Evoking the New York City of 9/11

Some of you may be thinking: this cannot be real. Yet it is all documented. Read the evidence in Part 1 and Part 2 of this series, follow the links in these essays, and think for yourself. Look: this "physical and spiritual warfare" game is set in New York City, where billows of smoke roil from downtown skyscrapers, and ambulances all have "911" painted on their roofs. In real life, these ambulances would have a red cross or a paramedic star on top, not a "911". But remember, Left Behind Games was created in October 2001 - soon after the tragedy of September 11, 2001. So common sense tells you that the game's designers had that memory on their minds when they created the graphics for a game that has New Yorkers being killed by paramilitary fighters shouting, "Praise the Lord!" That battle cry is not a far step removed from the terrorists who flew planes into the World Trade Center, shouting, "God is great!" And speaking of the World Trade Center, why do opening scenes of the game feature Manhattan skyscrapers with billows of smoke roiling from them? And how callous is it for children to be immersed in a vividly detailed simulation of New York that features cold corpses piling up in the streets, never to be given a decent burial, but piling higher and higher with each battle?

A Jewish Journalist Reviews Left Behind: Eternal Forces

Los Angeles Times columnist Joel Stein played Left Behind: Eternal Forces at the recent Electronic Entertainment Expo at the Los Angeles Convention Center. He published a review of the game on May 16, 2006. Mr. Stein makes light of the fact that here he is, a Jew, playing against a converted, messianic Jew in an End-Times battle. His opponent was Left Behind Games President and co-founder Jeffrey Frichner. Mr. Frichner is also a friend of Purpose Driven Church Executive Director Mark Carver, whom he had recruited onto the Advisory Board of Left Behind Games.

In facing off with Mr. Frichner, Mr. Stein describes the slaughter of nurses on a peacekeeping mission by Christian paramilitary forces on the streets of New York:

When I finally got to the company's booth, Left Behind Games President Jeffery Frichner agreed to play against me. He assured me that he had no advantage because, despite the fact that he sold his house to raise money for the company, he'd never played the game. It seems you get pretty cocky when you've got the divine force behind you.

Because I'm Jewish, I told Frichner that he could play the side of the good guys and that I'd be Satan. That's when Frichner informed me that he grew up as a religious Jew in Queens who went to temple every Saturday.

Stranger yet for a born-again Christian, he had acted in a movie with Scott Baio. Frichner was going to know all my Satan tricks.

The first thing Frichner did was to have one of his Christian characters approach a civilian lazily walking down a midtown Manhattan street in the middle of the battle over Earth and stand next to him for two seconds, which instantly converted him.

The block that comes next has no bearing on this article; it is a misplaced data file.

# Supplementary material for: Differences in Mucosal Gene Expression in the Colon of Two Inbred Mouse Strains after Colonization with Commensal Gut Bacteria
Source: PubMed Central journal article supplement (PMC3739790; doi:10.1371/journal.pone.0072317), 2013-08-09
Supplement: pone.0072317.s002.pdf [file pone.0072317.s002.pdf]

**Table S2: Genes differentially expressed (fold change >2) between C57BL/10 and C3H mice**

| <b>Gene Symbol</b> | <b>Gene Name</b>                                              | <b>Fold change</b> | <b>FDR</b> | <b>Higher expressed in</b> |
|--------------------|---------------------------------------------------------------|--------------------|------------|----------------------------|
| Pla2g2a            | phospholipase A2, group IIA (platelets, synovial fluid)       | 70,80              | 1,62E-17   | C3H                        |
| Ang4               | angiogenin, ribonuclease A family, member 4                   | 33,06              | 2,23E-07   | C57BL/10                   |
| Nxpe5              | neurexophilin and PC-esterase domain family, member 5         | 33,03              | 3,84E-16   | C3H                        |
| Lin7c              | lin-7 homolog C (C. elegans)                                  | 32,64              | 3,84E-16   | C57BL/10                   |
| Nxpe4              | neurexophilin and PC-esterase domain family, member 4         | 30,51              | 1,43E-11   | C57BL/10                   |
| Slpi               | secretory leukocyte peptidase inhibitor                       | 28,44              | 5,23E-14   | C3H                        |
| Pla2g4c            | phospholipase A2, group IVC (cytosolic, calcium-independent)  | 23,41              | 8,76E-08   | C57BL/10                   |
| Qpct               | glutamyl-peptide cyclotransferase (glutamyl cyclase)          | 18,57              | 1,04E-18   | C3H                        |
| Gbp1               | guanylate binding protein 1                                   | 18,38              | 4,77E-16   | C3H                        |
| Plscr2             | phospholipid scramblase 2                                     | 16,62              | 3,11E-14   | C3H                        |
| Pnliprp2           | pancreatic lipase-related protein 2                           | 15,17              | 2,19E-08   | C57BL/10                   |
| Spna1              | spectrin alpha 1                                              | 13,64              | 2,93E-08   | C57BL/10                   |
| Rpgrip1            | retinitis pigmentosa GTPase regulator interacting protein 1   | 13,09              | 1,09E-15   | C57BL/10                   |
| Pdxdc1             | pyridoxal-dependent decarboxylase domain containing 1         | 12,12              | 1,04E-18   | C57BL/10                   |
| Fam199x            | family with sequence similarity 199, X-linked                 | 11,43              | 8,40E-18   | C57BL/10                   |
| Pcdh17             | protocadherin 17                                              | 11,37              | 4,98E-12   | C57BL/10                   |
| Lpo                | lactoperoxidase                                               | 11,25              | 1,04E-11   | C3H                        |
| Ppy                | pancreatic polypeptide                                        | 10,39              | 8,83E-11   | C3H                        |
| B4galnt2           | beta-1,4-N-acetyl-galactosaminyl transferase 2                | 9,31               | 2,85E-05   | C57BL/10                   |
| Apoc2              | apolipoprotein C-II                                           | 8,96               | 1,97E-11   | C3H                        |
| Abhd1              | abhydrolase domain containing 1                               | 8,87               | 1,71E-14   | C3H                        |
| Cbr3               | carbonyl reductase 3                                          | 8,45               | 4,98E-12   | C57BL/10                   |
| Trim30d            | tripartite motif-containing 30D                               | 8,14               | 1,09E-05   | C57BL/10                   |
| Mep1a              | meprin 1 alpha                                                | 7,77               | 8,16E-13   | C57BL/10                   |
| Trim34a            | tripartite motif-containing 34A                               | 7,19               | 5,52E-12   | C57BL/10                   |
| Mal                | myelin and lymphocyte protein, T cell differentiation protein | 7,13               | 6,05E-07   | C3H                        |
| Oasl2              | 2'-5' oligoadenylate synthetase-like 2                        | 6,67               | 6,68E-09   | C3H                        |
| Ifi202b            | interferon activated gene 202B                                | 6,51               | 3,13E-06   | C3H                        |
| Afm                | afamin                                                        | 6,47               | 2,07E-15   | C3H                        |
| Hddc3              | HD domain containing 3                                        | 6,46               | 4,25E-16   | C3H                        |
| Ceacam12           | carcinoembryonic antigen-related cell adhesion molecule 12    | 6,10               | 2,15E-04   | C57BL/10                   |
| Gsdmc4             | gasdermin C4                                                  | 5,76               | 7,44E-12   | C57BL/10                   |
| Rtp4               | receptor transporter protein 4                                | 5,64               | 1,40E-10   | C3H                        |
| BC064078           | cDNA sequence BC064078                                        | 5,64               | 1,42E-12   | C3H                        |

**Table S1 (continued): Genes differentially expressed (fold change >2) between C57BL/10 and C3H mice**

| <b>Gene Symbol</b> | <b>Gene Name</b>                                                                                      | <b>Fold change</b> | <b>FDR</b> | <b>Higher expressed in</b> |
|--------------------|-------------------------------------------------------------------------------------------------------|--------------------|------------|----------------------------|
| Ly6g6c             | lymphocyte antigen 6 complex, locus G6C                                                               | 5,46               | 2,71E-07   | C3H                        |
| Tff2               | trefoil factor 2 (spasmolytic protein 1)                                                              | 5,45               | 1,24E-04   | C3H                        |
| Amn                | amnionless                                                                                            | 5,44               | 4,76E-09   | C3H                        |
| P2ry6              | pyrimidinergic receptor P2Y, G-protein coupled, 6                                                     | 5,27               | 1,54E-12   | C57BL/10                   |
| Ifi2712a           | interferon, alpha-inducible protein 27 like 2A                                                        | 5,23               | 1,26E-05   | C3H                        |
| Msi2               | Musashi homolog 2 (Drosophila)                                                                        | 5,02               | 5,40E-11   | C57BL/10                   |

I did not think converting would be as easy for my side. I was going to have to spend long minutes challenging people to guitar contests that I very well might lose.

The good thing was, however, that as Satan, I of course had the United Nations on my side. As my peacekeeping Hummer and some of my followers rolled down Sixth Avenue, the Christians outflanked me and started firing, immediately taking out several of my nurses.

The apocalypse, I was learning, was a good excuse for Christians to just go nuts and unload a lot of pent-up stuff.

This first-person account by a Los Angeles Times journalist who played the game against the company's founder describes a scenario that is neither an act of conversion nor self-defense; this is an ambush and annihilation of nurses by Christian militia forces on New York's 6th Avenue. What else is described by reviewers who have played the game?

Greg Bauman of WarCry Network also played the real-time strategy (RTS) game Left Behind: Eternal Forces (LB:EF) and reviewed it:

The heart and soul of any RTS game is the real-time combat system, and sure enough, LBG's experience pulls through to create a very compelling schema. Similar to other wartime RTS sims, LB:EF makes use of military units like apache helicopters, tanks, footmen and snipers.

One thing many gamers will likely find disturbing about Left Behind, though, is the black-and-white polarization of good and evil portrayed. The faithful are good, and the undecided are (decidedly) bad or evil. The only way to accomplish anything positive in the game is to 'convert' nonbelievers into faithful believers, and the only alternative to this is outright killing them.

There you have it, from another game reviewer who played Left Behind: Eternal Forces and concluded that this game is about converting or killing New Yorkers.

Theological and Cultural Context of Left Behind

This video game, licensed by the Bible publisher Tyndale House, exists within the cultural context of the Left Behind novels and comics also published by Tyndale House. And in the theology embodied by these works of fiction, anyone and everyone who is not a conservative Evangelical Christian, must either convert or be killed in what the game's developers describe as the ultimate battle between good and evil. This is a battle where everyone must choose. If you are born and raised a Jew, you must be reborn as a messianic Jew, or die. If you are a believer in God who does not agree with the teaching of conservative Evangelical Christianity -- say, if you are a Catholic, a Muslim, a Hindu, a Buddhist, or even a conservative Evangelical Christian who is a closeted gay man - then you must convert or die. Ultimately, everyone must choose; neutrality is not a long-term option.